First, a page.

My rating: 5 of 5 stars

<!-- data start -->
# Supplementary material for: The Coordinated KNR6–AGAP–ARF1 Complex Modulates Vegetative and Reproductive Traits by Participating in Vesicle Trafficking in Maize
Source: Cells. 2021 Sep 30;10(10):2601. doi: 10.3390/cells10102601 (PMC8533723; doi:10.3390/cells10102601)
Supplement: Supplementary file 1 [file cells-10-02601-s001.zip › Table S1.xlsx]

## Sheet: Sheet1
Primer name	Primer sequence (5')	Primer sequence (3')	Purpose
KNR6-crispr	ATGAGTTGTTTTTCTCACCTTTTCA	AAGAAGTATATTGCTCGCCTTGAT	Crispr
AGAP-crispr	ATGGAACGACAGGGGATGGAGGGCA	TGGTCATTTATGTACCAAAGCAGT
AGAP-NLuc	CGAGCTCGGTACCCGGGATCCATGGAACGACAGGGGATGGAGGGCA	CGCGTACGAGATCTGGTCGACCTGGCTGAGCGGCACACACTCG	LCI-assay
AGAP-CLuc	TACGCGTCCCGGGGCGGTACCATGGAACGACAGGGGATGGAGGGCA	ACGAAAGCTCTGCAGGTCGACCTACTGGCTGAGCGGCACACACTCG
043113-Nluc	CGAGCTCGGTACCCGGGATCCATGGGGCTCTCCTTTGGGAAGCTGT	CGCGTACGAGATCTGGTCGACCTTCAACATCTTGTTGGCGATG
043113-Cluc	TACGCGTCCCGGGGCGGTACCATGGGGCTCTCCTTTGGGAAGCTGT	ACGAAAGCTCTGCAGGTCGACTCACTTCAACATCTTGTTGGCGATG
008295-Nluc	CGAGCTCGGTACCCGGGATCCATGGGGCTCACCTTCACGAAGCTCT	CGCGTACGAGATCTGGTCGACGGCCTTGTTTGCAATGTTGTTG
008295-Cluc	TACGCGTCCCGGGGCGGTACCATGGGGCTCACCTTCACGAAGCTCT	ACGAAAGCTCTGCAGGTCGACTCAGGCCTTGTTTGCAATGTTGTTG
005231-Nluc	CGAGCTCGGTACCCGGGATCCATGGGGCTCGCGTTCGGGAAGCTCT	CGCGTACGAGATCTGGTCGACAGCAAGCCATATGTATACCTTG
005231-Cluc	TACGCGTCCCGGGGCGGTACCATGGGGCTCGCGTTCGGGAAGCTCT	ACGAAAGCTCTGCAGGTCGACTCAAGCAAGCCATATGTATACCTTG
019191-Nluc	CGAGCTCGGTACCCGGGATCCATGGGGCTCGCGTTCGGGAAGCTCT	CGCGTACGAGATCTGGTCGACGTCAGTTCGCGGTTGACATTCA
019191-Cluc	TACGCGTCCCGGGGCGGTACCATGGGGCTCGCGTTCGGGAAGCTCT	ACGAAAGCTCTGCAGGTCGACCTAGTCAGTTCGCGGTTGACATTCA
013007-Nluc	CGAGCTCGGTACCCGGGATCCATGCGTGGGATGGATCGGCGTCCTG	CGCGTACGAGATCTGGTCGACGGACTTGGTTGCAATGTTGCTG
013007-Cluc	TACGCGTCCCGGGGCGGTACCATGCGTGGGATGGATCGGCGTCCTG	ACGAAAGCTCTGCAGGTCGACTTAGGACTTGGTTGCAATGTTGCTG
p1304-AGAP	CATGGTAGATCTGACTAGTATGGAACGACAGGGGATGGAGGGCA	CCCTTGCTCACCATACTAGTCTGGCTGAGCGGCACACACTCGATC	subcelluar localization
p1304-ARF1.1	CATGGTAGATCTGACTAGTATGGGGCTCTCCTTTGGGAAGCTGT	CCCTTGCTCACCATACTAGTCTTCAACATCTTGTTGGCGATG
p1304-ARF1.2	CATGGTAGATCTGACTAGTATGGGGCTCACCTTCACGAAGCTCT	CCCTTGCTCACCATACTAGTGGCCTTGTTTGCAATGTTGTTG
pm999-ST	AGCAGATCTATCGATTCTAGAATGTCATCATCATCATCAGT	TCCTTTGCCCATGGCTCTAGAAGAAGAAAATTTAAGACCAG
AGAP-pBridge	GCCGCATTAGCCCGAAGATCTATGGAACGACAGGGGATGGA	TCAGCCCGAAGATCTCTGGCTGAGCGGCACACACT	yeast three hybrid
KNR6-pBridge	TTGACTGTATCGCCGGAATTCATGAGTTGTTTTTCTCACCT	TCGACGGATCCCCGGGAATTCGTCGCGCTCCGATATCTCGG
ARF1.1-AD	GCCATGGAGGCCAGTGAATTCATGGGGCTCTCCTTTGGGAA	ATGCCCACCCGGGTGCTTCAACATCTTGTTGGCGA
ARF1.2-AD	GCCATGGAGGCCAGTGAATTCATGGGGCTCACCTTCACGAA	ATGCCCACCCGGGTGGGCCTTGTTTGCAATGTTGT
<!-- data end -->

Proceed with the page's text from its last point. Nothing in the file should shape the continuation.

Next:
Ellen Ekstrom has done it again. She’s woven a rich tapestry of elegant descriptions. It’s pretty well known if you look at any of my reviews that I find many descriptions tedious, but that is not so with the writing found in this novel, nor the first novel in the series. The description is added in the right places to add a richness to the book, yet doesn’t make the reader feel as though they aren’t allowed to use their imagination. The characters, ah, yes. I fell in love with Quinn in Tallis, but here I really got to know him. Oh, Quinn you make me want to slap you…you’re so damaged and wonderful all at once. I was ill at the point I felt this and even though I felt like my dinner was going to make another appearance I kept reading, entranced. We saw Alice here, but in a different light. We got to see how Quinn felt as he hurt her and we began to understand what really happened. I felt the realization of why Quinn was the way he was with Alice at the same time he felt it. I really felt a connection with him, as if he were a friend that I was watching by hitting the “repeat” button. I felt even better about the whole story because where I loved Tallis and the writing; I can truly say it confused me. Scarborough cleared everything up for me, and I can’t wait to read the next novels in the series. To wrap up, the novel had the ending that I had been waiting for. I wanted to understand how Alice and Quinn ended up together and I did. Their live together is like a patchwork quilt made of t-shirts, ruined, beaten, yet still beautiful, soft and comforting all at once. I hate similes but in this case I am fine with one, as there really isn’t much else of a way to describe it, although, I’m sure Ekstrom could, and very elegantly as always–even if it’s brutal.